The problem is industry wide, says SEPTA’s Assistant General Manager for Human Resources, Susan Van Buren. “The jobs we are having difficulty recruiting women for are really the non-traditional jobs,” said Van Buren, pointing at engineers, yardmasters, mechanics, and police officers. “These are really, really tough jobs,” she said. “It’s not that women can’t do them, it’s just that the preponderance of women chose not to apply for these jobs.”

The national data from the Bureau of Labor Statistics support Van Buren’s assertion: women represent only 15.5 percent of workers in “transportation and material moving occupations” – a category that includes rail workers, bus drivers, mechanics and engineers, as well as more traditionally female-friendly jobs like flight attendants (80.9 percent female).  (These numbers also include some occupations inapposite to this topic, like crane operators, so don’t go citing this article in your PhD dissertation on employment economics and gender.)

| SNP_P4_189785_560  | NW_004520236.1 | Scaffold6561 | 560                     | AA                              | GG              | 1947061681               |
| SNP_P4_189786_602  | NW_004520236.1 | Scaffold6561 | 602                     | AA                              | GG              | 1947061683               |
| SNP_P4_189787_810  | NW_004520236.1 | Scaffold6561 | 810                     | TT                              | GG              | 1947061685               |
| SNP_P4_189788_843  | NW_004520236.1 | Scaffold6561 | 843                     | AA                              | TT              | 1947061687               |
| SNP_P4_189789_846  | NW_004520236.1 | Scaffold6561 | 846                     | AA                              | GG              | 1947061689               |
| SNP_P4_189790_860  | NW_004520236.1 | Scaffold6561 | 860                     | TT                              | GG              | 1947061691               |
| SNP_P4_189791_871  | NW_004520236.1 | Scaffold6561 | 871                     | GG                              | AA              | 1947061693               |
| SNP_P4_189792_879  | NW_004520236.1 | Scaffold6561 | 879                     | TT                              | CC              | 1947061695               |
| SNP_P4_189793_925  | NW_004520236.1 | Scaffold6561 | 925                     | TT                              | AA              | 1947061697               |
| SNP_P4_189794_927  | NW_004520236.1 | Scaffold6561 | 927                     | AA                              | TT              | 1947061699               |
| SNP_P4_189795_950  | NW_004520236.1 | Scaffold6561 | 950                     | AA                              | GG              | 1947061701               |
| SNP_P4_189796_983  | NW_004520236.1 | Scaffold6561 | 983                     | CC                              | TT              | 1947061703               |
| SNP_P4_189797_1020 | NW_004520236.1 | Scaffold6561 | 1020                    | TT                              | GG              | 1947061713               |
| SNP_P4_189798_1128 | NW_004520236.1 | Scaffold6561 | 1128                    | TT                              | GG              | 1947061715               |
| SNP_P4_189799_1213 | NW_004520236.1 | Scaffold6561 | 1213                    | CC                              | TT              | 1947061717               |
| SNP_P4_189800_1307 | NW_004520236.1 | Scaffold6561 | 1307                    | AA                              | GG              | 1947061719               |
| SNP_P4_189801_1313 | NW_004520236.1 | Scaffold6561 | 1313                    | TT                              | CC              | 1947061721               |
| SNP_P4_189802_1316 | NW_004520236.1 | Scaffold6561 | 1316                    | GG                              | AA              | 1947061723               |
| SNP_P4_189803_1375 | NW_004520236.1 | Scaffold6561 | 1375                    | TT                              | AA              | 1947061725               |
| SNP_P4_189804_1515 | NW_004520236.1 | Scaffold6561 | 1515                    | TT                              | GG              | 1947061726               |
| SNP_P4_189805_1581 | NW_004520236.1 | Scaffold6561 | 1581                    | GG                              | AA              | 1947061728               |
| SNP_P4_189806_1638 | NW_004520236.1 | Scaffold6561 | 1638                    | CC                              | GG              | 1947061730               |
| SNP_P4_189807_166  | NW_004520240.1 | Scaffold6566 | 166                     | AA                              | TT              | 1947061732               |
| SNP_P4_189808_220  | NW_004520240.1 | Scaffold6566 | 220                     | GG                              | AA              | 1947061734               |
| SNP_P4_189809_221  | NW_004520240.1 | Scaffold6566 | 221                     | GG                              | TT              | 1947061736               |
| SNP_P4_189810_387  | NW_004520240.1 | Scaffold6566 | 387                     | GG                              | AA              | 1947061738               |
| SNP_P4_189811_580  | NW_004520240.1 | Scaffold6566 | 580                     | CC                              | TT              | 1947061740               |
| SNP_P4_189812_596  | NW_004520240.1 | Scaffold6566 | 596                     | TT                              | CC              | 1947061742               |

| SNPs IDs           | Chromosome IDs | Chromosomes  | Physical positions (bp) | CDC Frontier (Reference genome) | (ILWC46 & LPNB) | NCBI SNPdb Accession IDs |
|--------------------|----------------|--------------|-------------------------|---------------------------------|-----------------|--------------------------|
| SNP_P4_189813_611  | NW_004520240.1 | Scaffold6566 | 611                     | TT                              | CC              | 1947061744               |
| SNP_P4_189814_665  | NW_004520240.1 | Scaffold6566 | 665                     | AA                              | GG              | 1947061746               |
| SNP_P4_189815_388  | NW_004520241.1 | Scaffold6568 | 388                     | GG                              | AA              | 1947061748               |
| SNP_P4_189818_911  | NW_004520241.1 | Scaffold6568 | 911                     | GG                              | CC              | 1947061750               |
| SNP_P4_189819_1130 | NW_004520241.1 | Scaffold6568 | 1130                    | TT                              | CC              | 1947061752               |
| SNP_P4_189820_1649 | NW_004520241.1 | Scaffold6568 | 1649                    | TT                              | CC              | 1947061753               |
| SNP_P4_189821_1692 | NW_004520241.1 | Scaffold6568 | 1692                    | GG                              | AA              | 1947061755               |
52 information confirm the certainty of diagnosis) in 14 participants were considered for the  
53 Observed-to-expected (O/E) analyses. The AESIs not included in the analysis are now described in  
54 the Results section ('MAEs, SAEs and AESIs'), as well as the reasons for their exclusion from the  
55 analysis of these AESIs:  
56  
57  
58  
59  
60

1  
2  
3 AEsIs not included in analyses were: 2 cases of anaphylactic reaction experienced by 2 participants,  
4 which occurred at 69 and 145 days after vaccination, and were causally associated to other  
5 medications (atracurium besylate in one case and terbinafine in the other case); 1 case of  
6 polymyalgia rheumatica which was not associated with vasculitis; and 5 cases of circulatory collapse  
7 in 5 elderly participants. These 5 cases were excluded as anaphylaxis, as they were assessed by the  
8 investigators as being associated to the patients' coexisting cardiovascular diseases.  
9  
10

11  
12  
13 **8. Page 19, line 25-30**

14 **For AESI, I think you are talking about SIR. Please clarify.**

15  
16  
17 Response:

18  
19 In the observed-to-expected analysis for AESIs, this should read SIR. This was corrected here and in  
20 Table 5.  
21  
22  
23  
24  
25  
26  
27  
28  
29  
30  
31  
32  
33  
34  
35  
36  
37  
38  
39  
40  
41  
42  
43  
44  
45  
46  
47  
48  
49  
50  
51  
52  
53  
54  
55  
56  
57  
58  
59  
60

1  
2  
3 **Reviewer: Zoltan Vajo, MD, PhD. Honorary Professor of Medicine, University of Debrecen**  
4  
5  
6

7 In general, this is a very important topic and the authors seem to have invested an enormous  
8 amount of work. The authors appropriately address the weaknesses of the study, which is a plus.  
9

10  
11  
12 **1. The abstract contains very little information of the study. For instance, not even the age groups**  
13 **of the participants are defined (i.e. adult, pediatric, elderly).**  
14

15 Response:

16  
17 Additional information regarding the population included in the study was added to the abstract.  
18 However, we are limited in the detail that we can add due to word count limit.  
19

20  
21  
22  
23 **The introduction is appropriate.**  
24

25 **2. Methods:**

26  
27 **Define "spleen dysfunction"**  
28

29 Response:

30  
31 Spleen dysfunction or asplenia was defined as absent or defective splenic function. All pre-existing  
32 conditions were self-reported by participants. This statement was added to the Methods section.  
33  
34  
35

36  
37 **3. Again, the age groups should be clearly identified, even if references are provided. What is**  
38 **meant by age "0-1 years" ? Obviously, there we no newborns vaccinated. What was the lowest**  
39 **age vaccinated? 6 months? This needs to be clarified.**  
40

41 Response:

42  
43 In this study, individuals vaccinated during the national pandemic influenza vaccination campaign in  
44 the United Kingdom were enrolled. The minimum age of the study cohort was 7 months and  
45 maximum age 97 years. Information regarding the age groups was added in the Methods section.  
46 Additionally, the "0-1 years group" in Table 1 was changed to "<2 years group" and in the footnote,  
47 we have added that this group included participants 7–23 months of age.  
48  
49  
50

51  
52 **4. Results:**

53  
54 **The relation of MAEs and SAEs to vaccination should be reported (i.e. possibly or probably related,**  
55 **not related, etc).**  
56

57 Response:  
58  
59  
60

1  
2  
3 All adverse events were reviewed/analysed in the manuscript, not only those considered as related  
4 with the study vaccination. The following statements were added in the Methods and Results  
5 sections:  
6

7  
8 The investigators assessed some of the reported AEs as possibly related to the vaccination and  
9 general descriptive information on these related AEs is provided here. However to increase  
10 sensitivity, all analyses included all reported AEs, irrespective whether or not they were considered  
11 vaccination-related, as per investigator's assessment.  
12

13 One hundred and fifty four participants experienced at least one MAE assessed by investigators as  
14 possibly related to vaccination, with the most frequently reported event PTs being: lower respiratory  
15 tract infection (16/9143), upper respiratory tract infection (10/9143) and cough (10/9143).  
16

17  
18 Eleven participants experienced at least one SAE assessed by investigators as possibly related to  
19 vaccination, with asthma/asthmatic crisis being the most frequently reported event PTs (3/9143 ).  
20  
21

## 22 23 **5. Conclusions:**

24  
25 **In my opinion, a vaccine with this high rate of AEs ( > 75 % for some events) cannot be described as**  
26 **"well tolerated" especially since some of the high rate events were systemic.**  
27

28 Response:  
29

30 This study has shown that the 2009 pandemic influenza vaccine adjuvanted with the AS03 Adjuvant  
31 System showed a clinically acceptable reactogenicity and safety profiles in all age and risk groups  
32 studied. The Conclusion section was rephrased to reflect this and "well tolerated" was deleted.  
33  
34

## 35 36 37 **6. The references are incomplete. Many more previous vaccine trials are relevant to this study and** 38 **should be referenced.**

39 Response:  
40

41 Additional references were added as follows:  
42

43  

The issue is particularly hard in transportation, more so than some other traditionally male fields. The Philadelphia Police Department, for example, is a quarter female. Those numbers put it near the top for large police forces, but DC and Chicago aren’t very far behind with forces that are both 23 percent female. Ten percent of SEPTA police officers are women. Nationally, women make up 15.3 percent of police officers and detectives, which is about even with transportation workers.

IS THIS SEXISM, OR SOMETHING MORE SUBTLE?

While many would assume that some sort of institutional sexism is to blame, the more likely culprit is something far more subtle and pernicious – unconscious biases. 

What’s the difference between blatant sexism and unconscious bias? Well, remember that Super Bowl commercial about running and throwing like a girl? Unconscious bias is basically that, only without anyone trying to sell feminine hygiene products.